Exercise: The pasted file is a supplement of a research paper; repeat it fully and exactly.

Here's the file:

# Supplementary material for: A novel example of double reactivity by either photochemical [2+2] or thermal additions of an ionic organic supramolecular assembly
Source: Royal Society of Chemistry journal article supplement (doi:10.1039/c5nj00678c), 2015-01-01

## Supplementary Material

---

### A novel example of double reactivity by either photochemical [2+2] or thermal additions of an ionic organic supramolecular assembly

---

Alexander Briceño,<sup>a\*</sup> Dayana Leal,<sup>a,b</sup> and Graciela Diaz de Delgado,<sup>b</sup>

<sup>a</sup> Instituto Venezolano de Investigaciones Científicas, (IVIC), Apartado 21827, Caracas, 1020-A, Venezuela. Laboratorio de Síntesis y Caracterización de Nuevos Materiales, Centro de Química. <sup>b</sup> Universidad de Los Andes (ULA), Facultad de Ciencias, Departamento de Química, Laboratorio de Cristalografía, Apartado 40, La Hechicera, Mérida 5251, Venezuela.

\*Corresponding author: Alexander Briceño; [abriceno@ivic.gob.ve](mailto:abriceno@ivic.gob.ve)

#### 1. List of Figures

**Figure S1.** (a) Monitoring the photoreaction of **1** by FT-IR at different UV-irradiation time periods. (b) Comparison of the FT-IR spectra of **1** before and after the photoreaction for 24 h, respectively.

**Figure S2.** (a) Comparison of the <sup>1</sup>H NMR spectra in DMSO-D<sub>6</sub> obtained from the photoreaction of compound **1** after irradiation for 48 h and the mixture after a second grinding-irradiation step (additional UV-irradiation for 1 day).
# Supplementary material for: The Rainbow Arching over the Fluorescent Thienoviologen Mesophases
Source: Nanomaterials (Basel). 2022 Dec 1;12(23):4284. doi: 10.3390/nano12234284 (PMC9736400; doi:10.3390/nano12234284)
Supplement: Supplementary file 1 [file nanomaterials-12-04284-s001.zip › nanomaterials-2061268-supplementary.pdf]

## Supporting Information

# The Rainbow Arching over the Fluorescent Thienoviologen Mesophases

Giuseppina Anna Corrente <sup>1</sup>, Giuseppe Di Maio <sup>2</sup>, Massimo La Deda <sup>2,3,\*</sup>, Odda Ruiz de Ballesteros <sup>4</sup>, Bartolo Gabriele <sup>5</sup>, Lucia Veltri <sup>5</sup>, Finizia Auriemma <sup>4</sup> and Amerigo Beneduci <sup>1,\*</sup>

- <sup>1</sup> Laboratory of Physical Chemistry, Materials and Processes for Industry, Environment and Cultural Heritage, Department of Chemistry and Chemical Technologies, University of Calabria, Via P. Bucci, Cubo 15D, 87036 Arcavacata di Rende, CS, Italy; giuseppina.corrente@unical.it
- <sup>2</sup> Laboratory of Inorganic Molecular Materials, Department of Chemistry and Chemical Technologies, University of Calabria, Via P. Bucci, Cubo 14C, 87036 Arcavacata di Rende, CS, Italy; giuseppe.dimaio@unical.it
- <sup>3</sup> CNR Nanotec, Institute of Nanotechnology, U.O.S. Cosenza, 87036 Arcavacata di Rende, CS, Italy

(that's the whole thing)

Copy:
# Supplementary material for: A novel example of double reactivity by either photochemical [2+2] or thermal additions of an ionic organic supramolecular assembly
Source: Royal Society of Chemistry journal article supplement (doi:10.1039/c5nj00678c), 2015-01-01

## Supplementary Material

---

### A novel example of double reactivity by either photochemical [2+2] or thermal additions of an ionic organic supramolecular assembly

---

Alexander Briceño,<sup>a\*</sup> Dayana Leal,<sup>a,b</sup> and Graciela Diaz de Delgado,<sup>b</sup>

<sup>a</sup> Instituto Venezolano de Investigaciones Científicas, (IVIC), Apartado 21827, Caracas, 1020-A, Venezuela. Laboratorio de Síntesis y Caracterización de Nuevos Materiales, Centro de Química. <sup>b</sup> Universidad de Los Andes (ULA), Facultad de Ciencias, Departamento de Química, Laboratorio de Cristalografía, Apartado 40, La Hechicera, Mérida 5251, Venezuela.

\*Corresponding author: Alexander Briceño; [abriceno@ivic.gob.ve](mailto:abriceno@ivic.gob.ve)

#### 1. List of Figures

**Figure S1.** (a) Monitoring the photoreaction of **1** by FT-IR at different UV-irradiation time periods. (b) Comparison of the FT-IR spectra of **1** before and after the photoreaction for 24 h, respectively.

**Figure S2.** (a) Comparison of the <sup>1</sup>H NMR spectra in DMSO-D<sub>6</sub> obtained from the photoreaction of compound **1** after irradiation for 48 h and the mixture after a second grinding-irradiation step (additional UV-irradiation for 1 day).
# Supplementary material for: The Rainbow Arching over the Fluorescent Thienoviologen Mesophases
Source: Nanomaterials (Basel). 2022 Dec 1;12(23):4284. doi: 10.3390/nano12234284 (PMC9736400; doi:10.3390/nano12234284)
Supplement: Supplementary file 1 [file nanomaterials-12-04284-s001.zip › nanomaterials-2061268-supplementary.pdf]

## Supporting Information

# The Rainbow Arching over the Fluorescent Thienoviologen Mesophases

Giuseppina Anna Corrente <sup>1</sup>, Giuseppe Di Maio <sup>2</sup>, Massimo La Deda <sup>2,3,\*</sup>, Odda Ruiz de Ballesteros <sup>4</sup>, Bartolo Gabriele <sup>5</sup>, Lucia Veltri <sup>5</sup>, Finizia Auriemma <sup>4</sup> and Amerigo Beneduci <sup>1,\*</sup>

- <sup>1</sup> Laboratory of Physical Chemistry, Materials and Processes for Industry, Environment and Cultural Heritage, Department of Chemistry and Chemical Technologies, University of Calabria, Via P. Bucci, Cubo 15D, 87036 Arcavacata di Rende, CS, Italy; giuseppina.corrente@unical.it
- <sup>2</sup> Laboratory of Inorganic Molecular Materials, Department of Chemistry and Chemical Technologies, University of Calabria, Via P. Bucci, Cubo 14C, 87036 Arcavacata di Rende, CS, Italy; giuseppe.dimaio@unical.it
- <sup>3</sup> CNR Nanotec, Institute of Nanotechnology, U.O.S. Cosenza, 87036 Arcavacata di Rende, CS, Italy